Eminentoes

Good Soldier Medvedev

He works for Vladimir Putin, who trusts him completely.

By 3.26.08

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At first glance Dmitry Anatolyevich Medvedev is a very ordinary man. He's a little guy, only five foot four inches in height, of oft times cherubic yet serious countenance. His detractors agree that whatever his weaknesses, he is a hard worker. Most importantly, however, he is completely trusted by Vladimir Putin.

At age 25 in early 1991 he went to work full time for his former law professor at Leningrad State University, Anatoly Sobchak, when the latter was mayor of St. Petersburg. Putin, a fellow Leningrader 13 years older, had left the KGB's First Chief Directorate and joined the politically powerful Sobchak as his deputy.

Medvedev swiftly became the former intelligence officer's acolyte. The younger man found in Putin the perfect mentor and Putin made the willing Medvedev into his loyal adjutant. It was an arrangement that has lasted until today.

"The kid" is now 42, awaiting his next birthday in September. Medvedev has grown into a role that only a man of his loyalty and acumen could assume. Putin does not readily accept advice from many, but he counts on the still youthful former business lawyer and part-time law instructor to provide him the intellectual sounding board that high office requires.

Dmitry Medvedev's job has been to think, analyze and evaluate. Putin knows how to use his aide. They come from the same school literally and figuratively. Unlike his boss, Medvedev is not a leader and that works perfectly for the dynamic Vladimir Putin.

This does not mean Medvedev lacks ambition. He just hides it very well. His mild manner can be, and has been, mistaken for a lack of cunning and toughness. This has been an error that not only has been to his advantage when dealing with the highly competitive group of former security and intelligence officers surrounding Vladimir Putin, but also of advantage to Putin himself.

There is great value in having a trusted aide who is not viewed as a competitor by the power elements pushing and shoving around the big man. That is one of the major factors in Medvedev's arrival as Putin's choice to succeed in the cleverly arranged pseudo-presidency of Russia for the next four years.

The process actually had begun in 2005 when Medvedev became first deputy prime minister in charge of the ambiguously named "national projects." This position, as well as appointment as chairman of Gazprom, placed Medvedev as overseer of the nation's politically important major investment projects, in consequence giving him international exposure. It also balanced the aspirations of Sergei Ivanov, the hard charging defense minister, and the more hard line factions.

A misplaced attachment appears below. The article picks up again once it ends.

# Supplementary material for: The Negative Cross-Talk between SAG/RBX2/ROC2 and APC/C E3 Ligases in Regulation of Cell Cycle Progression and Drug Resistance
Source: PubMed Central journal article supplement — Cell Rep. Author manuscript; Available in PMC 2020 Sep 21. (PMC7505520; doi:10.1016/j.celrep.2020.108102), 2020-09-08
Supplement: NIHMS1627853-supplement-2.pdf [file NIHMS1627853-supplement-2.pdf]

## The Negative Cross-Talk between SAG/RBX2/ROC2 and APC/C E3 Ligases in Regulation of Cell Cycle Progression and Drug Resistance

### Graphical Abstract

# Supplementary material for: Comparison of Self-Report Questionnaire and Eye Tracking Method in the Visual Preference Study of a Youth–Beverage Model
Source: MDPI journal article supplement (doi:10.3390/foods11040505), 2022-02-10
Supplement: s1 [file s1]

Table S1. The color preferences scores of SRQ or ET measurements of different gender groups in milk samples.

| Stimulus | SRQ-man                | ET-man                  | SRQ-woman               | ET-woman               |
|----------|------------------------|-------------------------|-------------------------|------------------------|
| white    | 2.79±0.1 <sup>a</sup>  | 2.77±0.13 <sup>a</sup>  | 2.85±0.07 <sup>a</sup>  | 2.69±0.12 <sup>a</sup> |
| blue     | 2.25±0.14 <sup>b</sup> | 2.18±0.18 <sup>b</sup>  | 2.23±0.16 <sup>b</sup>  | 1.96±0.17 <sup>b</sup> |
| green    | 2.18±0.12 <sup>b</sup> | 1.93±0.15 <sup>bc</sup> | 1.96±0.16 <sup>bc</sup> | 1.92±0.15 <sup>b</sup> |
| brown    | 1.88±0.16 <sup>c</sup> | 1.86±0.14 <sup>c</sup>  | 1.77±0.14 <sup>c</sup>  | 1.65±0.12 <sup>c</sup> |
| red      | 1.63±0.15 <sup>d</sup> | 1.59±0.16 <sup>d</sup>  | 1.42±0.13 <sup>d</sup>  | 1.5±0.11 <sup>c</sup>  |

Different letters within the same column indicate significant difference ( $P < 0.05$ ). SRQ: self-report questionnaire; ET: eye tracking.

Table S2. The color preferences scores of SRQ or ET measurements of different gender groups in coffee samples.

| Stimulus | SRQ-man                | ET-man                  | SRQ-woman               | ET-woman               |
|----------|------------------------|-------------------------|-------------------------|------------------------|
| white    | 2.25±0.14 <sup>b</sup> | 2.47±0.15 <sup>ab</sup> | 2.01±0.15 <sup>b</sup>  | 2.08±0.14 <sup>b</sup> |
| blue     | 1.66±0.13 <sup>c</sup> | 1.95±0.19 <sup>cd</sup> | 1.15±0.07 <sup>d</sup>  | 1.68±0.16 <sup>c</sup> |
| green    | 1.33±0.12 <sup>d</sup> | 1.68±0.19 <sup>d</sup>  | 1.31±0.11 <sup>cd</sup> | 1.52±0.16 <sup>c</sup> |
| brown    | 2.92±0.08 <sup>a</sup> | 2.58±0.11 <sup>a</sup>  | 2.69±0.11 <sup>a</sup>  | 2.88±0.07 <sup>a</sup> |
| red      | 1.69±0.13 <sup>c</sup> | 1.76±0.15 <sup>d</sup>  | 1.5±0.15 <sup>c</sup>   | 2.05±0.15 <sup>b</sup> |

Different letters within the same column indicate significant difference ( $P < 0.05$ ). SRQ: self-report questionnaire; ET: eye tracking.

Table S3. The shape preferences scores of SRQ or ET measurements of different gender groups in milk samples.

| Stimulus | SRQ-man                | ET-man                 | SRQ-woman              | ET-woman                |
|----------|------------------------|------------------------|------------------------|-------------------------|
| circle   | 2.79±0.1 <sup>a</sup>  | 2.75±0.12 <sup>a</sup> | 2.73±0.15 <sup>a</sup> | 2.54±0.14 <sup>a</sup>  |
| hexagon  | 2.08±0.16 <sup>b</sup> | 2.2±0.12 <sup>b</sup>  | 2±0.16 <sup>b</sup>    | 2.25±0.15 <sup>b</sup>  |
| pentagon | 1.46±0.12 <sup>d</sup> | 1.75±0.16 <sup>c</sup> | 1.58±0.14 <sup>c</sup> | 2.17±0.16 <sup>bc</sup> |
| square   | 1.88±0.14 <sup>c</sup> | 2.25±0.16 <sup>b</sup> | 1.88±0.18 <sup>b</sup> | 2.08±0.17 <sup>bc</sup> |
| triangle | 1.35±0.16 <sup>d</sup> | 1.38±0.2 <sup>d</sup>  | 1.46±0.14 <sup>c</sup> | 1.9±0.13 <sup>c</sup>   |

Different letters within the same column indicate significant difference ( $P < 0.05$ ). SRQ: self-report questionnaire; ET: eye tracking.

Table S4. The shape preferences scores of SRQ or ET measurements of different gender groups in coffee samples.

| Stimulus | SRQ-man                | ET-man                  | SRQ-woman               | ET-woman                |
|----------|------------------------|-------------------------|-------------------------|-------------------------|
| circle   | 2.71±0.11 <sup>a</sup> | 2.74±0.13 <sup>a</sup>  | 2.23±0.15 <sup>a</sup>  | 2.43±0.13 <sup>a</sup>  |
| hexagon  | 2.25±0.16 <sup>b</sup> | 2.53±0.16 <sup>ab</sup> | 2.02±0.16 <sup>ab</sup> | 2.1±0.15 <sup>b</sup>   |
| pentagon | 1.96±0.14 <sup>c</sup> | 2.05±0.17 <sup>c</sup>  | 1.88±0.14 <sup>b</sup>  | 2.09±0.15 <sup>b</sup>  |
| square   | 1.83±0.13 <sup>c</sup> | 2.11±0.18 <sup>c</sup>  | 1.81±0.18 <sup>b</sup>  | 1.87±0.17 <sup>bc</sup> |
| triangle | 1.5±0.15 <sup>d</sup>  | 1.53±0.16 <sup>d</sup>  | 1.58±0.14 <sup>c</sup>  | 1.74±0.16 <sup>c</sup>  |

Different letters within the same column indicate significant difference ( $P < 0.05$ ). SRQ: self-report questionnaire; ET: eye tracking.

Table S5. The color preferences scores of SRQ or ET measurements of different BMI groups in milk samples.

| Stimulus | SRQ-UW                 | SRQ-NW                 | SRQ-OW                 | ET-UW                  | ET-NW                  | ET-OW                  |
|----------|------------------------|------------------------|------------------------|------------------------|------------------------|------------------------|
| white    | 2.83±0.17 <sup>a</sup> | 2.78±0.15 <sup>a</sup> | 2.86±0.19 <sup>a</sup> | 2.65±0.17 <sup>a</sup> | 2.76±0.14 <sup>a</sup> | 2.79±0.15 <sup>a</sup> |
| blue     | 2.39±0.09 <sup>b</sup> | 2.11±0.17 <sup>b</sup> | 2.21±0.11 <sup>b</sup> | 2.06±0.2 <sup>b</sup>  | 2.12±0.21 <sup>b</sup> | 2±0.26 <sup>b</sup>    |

It is already clear that Medvedev's presidency, formally beginning May 7, will lack the political power that the Russian constitution authorizes and implies. Even as prime minister Putin remains in practical terms the effective power center. He has said as much. In fact, President Dmitry Medvedev will give up his role as chairman of Gazprom in line with current legislation. It is possible that Putin will take over that internationally influential position as well.

THE QUESTION REASONABLY COULD be asked why, under the circumstances, Medvedev would be willing to accept what appears to be a figurehead job when he currently operates in a far more powerful position. The answer of course is that Vladimir Putin needs him to do so.

Putin sees the new president as assisting in continuing his balancing act between both liberal and conservative wings of the Russian leadership. Medvedev also can be of particular value in dealing with a new Washington administration and the European Union as a pragmatic and non-ideological Russian head of state.

The suggestion has been made that Dmitry Medvedev presents an image of thoughtful openness, which will allow Vladimir Putin to play his "tough guy" card whenever convenient. The good cop, bad cop routine has been a staple Moscow tactic going back to Soviet days.

The quiet young lawyer from St. Petersburg has risen swiftly from his Kremlin post as deputy chief of staff to Putin late in 1999 to president of Russia in 2008. Will he simply hold down the presidency long enough for Vladimir Putin to return for another eight years in 2012? Or will the temptation to utilize the power that exists intrinsically in that post lure Medvedev into exercising the strength the title gives him? Will Dmitry Anatolyevich ever tire of being the good soldier?

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About the Author
George H. Wittman writes a weekly column on international affairs for The American Spectator online. He was the founding chairman of the National Institute for Public Policy.